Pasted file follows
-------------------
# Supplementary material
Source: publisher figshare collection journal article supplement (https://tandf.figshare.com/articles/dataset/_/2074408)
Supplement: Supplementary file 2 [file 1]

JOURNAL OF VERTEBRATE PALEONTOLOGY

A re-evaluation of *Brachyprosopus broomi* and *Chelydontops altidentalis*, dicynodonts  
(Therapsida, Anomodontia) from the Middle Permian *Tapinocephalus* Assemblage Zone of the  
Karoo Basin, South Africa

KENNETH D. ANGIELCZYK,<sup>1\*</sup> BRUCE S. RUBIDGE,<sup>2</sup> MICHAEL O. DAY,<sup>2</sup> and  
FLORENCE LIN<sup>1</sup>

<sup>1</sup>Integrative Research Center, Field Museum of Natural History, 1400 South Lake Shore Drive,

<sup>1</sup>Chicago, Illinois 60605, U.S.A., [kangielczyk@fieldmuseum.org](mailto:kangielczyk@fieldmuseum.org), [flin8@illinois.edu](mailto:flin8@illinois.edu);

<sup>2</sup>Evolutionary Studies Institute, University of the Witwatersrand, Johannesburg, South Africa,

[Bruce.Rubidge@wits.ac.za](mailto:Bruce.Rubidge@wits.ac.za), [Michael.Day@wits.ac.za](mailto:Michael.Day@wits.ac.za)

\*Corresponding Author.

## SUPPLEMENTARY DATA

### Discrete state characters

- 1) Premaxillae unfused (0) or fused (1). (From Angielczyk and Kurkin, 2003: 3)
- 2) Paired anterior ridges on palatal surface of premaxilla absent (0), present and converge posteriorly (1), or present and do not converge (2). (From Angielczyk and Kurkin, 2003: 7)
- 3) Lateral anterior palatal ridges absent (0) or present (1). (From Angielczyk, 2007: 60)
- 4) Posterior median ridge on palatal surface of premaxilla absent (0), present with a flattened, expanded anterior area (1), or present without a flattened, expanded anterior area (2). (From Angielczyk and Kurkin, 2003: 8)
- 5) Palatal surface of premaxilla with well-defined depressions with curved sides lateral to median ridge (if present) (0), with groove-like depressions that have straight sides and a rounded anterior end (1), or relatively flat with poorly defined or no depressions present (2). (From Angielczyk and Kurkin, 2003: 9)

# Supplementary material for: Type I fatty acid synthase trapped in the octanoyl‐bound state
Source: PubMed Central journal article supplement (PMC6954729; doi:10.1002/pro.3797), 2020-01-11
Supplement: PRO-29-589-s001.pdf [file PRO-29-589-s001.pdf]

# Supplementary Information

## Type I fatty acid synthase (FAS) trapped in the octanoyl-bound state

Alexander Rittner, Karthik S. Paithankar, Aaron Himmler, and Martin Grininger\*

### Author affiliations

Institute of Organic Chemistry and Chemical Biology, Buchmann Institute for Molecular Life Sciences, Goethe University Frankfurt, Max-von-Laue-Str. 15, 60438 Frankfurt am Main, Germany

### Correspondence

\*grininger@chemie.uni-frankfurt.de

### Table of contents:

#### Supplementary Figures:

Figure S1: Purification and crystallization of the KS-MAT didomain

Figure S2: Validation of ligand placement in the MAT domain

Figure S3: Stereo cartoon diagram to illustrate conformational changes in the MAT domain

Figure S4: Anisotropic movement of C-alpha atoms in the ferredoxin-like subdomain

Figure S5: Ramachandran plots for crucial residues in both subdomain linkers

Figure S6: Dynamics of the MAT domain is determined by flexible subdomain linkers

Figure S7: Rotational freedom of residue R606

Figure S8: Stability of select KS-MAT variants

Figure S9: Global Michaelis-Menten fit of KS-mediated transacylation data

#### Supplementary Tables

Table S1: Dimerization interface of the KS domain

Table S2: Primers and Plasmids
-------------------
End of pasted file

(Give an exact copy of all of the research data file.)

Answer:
# Supplementary material
Source: publisher figshare collection journal article supplement (https://tandf.figshare.com/articles/dataset/_/2074408)
Supplement: Supplementary file 2 [file 1]

JOURNAL OF VERTEBRATE PALEONTOLOGY

A re-evaluation of *Brachyprosopus broomi* and *Chelydontops altidentalis*, dicynodonts  
(Therapsida, Anomodontia) from the Middle Permian *Tapinocephalus* Assemblage Zone of the  
Karoo Basin, South Africa

KENNETH D. ANGIELCZYK,<sup>1\*</sup> BRUCE S. RUBIDGE,<sup>2</sup> MICHAEL O. DAY,<sup>2</sup> and  
FLORENCE LIN<sup>1</sup>

<sup>1</sup>Integrative Research Center, Field Museum of Natural History, 1400 South Lake Shore Drive,

<sup>1</sup>Chicago, Illinois 60605, U.S.A., [kangielczyk@fieldmuseum.org](mailto:kangielczyk@fieldmuseum.org), [flin8@illinois.edu](mailto:flin8@illinois.edu);

<sup>2</sup>Evolutionary Studies Institute, University of the Witwatersrand, Johannesburg, South Africa,

[Bruce.Rubidge@wits.ac.za](mailto:Bruce.Rubidge@wits.ac.za), [Michael.Day@wits.ac.za](mailto:Michael.Day@wits.ac.za)

\*Corresponding Author.

## SUPPLEMENTARY DATA

### Discrete state characters

- 1) Premaxillae unfused (0) or fused (1). (From Angielczyk and Kurkin, 2003: 3)
- 2) Paired anterior ridges on palatal surface of premaxilla absent (0), present and converge posteriorly (1), or present and do not converge (2). (From Angielczyk and Kurkin, 2003: 7)
- 3) Lateral anterior palatal ridges absent (0) or present (1). (From Angielczyk, 2007: 60)
- 4) Posterior median ridge on palatal surface of premaxilla absent (0), present with a flattened, expanded anterior area (1), or present without a flattened, expanded anterior area (2). (From Angielczyk and Kurkin, 2003: 8)
- 5) Palatal surface of premaxilla with well-defined depressions with curved sides lateral to median ridge (if present) (0), with groove-like depressions that have straight sides and a rounded anterior end (1), or relatively flat with poorly defined or no depressions present (2). (From Angielczyk and Kurkin, 2003: 9)

# Supplementary material for: Type I fatty acid synthase trapped in the octanoyl‐bound state
Source: PubMed Central journal article supplement (PMC6954729; doi:10.1002/pro.3797), 2020-01-11
Supplement: PRO-29-589-s001.pdf [file PRO-29-589-s001.pdf]

# Supplementary Information

## Type I fatty acid synthase (FAS) trapped in the octanoyl-bound state

Alexander Rittner, Karthik S. Paithankar, Aaron Himmler, and Martin Grininger\*

### Author affiliations

Institute of Organic Chemistry and Chemical Biology, Buchmann Institute for Molecular Life Sciences, Goethe University Frankfurt, Max-von-Laue-Str. 15, 60438 Frankfurt am Main, Germany

### Correspondence

\*grininger@chemie.uni-frankfurt.de

### Table of contents:

#### Supplementary Figures:

Figure S1: Purification and crystallization of the KS-MAT didomain

Figure S2: Validation of ligand placement in the MAT domain

Figure S3: Stereo cartoon diagram to illustrate conformational changes in the MAT domain

Figure S4: Anisotropic movement of C-alpha atoms in the ferredoxin-like subdomain

Figure S5: Ramachandran plots for crucial residues in both subdomain linkers

Figure S6: Dynamics of the MAT domain is determined by flexible subdomain linkers

Figure S7: Rotational freedom of residue R606

Figure S8: Stability of select KS-MAT variants

Figure S9: Global Michaelis-Menten fit of KS-mediated transacylation data

#### Supplementary Tables

Table S1: Dimerization interface of the KS domain

Table S2: Primers and Plasmids